Sensory integration: More evidence that OTs have lost control of the narrative

There are quite a few opinion pieces in this blog about the state of sensory integration as a model for occupational therapy - the reader is particularly referred here and here for quick background if needed.

Continued evidence that occupational therapists have lost control of the 'sensory integration' narrative can be found in the October 2010 Scientific American Article by Nancy Shute entitled "Desperation drives parents to dubious autism treatments."

Sensory integration therapy is described in the article as ranging from "wrapping children in blankets or placing them in a hug machine to having them play with scented clay..." They also note in the article that this intervention costs families up to $200 per hour or $6000 per year. Sensory integration is listed in a chart as Temptations: Dubious Therapies.

These kinds of articles always seem to generate responses from people who disagree from them, but before anyone responds I think this is a good opportunity to pause and reflect on why we are finding ourselves in this position. The 'Fidelity' problem has been discussed forever and our field has not come together to find a solution. We still have different 'camps' of people supporting different iterations of what should be included in sensory integration models and the result is ongoing confusion in the public square. We have too much mythology and too little evidence when it comes to our interventions. The public is confused because we have confused them.

What do parents want? Perhaps OTs should listen closely to Jim Laidler who was interviewed in the article: "Obviously, the goal of my family, and most families, is to lead as normal a life as possible. Normal is going out to dinner as a family."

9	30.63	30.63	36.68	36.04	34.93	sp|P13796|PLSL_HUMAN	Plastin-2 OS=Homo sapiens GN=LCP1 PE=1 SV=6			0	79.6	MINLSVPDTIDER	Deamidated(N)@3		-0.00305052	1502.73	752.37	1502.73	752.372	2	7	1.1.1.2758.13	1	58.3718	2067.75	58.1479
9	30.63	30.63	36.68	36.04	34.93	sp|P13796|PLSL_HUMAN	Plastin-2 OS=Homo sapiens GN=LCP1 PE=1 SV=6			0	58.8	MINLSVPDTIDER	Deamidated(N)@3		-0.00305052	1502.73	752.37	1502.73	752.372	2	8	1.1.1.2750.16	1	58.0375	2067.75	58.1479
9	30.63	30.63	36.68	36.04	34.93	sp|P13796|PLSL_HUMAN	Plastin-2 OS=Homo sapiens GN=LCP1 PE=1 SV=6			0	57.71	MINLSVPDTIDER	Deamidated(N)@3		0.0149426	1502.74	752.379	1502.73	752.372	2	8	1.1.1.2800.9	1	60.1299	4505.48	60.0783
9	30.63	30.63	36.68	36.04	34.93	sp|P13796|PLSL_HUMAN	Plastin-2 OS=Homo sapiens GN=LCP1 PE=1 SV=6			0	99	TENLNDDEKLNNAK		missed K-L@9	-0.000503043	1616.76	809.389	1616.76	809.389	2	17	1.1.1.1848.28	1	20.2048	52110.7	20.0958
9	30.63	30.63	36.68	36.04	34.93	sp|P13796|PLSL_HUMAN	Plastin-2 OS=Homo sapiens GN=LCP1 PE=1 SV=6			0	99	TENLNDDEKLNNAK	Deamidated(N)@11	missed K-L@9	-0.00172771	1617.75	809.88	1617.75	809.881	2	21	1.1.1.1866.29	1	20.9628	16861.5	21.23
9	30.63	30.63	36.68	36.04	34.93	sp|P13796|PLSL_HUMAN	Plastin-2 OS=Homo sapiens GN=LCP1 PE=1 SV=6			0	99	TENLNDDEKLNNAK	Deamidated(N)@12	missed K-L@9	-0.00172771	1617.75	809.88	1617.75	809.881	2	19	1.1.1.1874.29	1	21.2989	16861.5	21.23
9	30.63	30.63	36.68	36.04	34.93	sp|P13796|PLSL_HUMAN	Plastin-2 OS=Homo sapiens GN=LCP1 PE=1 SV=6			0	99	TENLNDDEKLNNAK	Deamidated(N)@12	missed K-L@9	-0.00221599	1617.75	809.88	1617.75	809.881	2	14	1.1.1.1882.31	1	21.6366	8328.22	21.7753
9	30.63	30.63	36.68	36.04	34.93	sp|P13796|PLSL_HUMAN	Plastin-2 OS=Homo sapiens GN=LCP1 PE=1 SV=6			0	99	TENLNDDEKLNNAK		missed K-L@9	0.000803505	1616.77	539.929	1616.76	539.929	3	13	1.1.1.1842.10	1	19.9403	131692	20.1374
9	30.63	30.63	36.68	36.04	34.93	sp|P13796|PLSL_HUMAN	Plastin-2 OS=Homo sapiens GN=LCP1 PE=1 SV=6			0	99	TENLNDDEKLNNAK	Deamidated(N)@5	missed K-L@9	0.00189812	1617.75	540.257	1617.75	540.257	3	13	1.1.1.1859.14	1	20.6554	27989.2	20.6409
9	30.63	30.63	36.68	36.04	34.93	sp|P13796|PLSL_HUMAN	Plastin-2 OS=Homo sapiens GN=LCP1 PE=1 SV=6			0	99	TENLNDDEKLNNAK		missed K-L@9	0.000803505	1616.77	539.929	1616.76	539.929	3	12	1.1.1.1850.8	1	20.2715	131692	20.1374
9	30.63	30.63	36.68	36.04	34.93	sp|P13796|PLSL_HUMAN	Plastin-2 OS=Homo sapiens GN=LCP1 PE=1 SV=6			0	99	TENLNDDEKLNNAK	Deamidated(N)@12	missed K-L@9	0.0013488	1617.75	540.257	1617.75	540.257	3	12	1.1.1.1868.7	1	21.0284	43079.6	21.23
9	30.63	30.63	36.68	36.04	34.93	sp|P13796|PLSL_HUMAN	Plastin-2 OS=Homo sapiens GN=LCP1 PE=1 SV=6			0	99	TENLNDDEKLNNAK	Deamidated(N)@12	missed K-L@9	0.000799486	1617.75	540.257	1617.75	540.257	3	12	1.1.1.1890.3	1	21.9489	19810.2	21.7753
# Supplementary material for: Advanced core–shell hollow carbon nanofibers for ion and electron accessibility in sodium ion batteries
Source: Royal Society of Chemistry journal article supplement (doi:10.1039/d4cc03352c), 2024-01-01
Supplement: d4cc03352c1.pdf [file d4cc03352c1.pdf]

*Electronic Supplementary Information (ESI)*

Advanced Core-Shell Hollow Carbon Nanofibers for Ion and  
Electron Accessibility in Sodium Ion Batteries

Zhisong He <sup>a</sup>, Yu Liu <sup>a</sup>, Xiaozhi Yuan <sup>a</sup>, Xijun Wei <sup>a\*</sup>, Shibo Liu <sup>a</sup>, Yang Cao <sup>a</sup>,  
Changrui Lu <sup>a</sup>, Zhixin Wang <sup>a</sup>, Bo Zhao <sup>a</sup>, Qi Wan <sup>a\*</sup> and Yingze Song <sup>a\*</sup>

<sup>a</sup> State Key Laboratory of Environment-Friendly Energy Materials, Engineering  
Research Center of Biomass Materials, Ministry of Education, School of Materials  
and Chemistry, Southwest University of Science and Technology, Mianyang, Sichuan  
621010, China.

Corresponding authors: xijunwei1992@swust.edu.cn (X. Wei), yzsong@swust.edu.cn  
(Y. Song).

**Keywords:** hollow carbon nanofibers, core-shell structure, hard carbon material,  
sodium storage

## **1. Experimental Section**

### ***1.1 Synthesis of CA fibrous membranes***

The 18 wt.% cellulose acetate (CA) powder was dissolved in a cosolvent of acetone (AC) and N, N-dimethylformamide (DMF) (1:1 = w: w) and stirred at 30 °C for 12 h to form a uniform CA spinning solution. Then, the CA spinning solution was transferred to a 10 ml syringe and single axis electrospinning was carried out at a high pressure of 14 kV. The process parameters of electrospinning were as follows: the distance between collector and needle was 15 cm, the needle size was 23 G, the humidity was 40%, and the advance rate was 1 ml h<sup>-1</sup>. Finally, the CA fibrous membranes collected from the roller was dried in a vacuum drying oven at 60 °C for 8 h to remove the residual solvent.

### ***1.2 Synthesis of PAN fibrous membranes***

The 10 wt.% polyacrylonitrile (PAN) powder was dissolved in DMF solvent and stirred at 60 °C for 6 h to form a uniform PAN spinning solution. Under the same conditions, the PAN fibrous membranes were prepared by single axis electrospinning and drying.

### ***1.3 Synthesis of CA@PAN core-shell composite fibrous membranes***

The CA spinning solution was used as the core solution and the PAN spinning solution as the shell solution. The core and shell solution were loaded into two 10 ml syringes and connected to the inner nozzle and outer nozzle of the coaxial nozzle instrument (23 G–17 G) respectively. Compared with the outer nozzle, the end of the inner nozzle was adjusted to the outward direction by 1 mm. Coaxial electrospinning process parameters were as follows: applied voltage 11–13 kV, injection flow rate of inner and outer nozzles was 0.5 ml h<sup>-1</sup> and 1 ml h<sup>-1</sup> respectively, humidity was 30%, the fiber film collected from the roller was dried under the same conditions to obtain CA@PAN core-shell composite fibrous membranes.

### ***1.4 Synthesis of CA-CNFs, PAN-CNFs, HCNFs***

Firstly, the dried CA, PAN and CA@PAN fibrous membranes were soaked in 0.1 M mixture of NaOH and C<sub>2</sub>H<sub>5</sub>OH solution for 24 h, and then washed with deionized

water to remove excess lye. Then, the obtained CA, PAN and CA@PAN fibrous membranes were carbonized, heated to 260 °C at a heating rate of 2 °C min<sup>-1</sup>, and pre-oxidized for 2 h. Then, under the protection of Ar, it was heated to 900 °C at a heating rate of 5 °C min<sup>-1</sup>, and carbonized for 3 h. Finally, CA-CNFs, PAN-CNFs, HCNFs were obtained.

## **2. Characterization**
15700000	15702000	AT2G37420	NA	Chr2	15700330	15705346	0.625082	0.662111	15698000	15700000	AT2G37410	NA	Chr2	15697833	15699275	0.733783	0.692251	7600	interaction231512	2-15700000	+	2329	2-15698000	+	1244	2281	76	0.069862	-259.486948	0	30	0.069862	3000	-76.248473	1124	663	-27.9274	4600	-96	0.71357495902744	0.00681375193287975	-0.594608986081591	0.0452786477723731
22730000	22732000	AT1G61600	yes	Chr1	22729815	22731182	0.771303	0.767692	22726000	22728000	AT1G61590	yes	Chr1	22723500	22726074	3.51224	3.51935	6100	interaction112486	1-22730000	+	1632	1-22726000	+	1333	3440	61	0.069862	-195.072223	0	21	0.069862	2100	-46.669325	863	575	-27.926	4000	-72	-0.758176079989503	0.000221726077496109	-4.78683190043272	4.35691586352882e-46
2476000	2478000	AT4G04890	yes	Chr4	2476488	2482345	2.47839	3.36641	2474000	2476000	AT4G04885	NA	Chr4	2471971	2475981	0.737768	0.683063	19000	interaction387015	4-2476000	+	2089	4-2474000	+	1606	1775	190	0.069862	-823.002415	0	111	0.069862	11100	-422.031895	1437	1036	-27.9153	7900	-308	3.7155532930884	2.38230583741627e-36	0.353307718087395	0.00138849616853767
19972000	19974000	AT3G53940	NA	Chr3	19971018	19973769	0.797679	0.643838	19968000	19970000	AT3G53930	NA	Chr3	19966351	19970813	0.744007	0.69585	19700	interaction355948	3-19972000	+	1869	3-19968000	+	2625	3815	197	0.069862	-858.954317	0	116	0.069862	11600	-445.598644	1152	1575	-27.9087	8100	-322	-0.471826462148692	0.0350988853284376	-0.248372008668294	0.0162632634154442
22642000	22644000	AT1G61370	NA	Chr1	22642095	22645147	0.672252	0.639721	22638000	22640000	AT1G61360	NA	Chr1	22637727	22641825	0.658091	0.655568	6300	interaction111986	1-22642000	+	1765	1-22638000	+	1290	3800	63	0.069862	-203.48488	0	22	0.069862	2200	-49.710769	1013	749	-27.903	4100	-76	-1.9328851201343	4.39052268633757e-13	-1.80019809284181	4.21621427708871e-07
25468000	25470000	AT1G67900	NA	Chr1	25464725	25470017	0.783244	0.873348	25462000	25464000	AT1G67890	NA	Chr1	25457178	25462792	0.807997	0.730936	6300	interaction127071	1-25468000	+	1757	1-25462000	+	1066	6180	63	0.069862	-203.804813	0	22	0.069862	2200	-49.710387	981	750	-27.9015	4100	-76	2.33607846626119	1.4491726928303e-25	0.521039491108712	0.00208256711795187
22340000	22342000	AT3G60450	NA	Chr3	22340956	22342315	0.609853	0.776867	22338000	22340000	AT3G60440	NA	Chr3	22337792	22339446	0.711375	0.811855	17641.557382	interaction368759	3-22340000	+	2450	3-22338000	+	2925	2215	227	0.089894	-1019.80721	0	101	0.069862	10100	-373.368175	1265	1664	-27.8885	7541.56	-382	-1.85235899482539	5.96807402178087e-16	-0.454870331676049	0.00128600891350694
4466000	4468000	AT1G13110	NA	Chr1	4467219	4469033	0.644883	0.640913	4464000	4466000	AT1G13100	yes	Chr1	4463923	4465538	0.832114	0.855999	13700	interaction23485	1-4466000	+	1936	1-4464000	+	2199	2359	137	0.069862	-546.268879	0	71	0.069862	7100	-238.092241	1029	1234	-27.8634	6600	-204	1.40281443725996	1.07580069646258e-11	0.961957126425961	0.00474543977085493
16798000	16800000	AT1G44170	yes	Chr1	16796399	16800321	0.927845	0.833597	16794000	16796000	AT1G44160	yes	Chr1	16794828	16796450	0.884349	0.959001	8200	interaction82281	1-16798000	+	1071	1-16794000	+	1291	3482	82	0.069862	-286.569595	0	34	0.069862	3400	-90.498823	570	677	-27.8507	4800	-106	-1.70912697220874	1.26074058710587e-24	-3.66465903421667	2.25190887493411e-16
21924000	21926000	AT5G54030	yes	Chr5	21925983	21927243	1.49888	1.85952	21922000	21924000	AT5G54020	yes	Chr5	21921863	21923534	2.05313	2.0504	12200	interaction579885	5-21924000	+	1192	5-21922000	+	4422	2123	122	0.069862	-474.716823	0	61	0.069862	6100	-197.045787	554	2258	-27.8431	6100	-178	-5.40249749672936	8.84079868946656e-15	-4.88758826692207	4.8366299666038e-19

We can use our knowledge of sensory processing to help us understand why children who have autism have difficulties in these environments, and make suggestions to families on how to help mediate those difficulties. We can also use training methods, direct practice, and skill development to help children learn to function in those environments.

Or we can let people continue to think that we are putting blankets on children and letting them play with scented clay, charging them exorbitant prices for this 'expertise.'

What kind of occupational therapy are you promoting?

Tuesday, September 28, 2010

A promise to Dolores

I can only remember one time in my professional career that I cornered myself with a promise - and as terrified as the experience made me feel - I am so much richer for having made a promise to Dolores.

Dolores had mild learning disabilities and some motor clumsiness. She and her brother were being raised by their mom who was a single parent. Things I remember about this family focus a lot around their names: Dolores, Wally (brother), and Hazel (mom). All of these names are uncommon today, but as uncommon as the names were they fit this family well, because the names reflected precisely on the way that they did not exactly 'fit in' with most of the other people around them. The family was quite poor, and perhaps a little socially awkward, but at the same time the kindest people I have ever met.

Dolores wanted to learn how to ride a bike - she was clumsy and could not coordinate her balance with the motion of her legs. In therapy we worked on developing these skills so that she could ride - and eventually she had improved to the point that I asked her if she had tried riding her bike lately. I will never forget the sadness that she looked at me with as she said, "My bike is broken, and now even if I knew how to ride it I couldn't."

I felt my heart melt right there on the spot, and without any hesitation I told her to bring her bike to me next time and I would fix it for her. There really was no other response to offer other than making that promise.

The next time that they came in I walked them to the parking lot after the session to get the bike out of their car. Their car was quite old (of course) and from the trunk I pulled out an ancient, rusty, and dented Schwinn Western Flyer.

I took the bike home that evening and stripped it down to the frame and air-brushed it a brilliant yellow that I knew Dolores would love. It took hours of work, and I even had some parts soaking in a solution of weak oxalic acid to try to get off all of the surface rust. I found a store that had some pedals that fit, and found a new seat as well - I was really making some progress!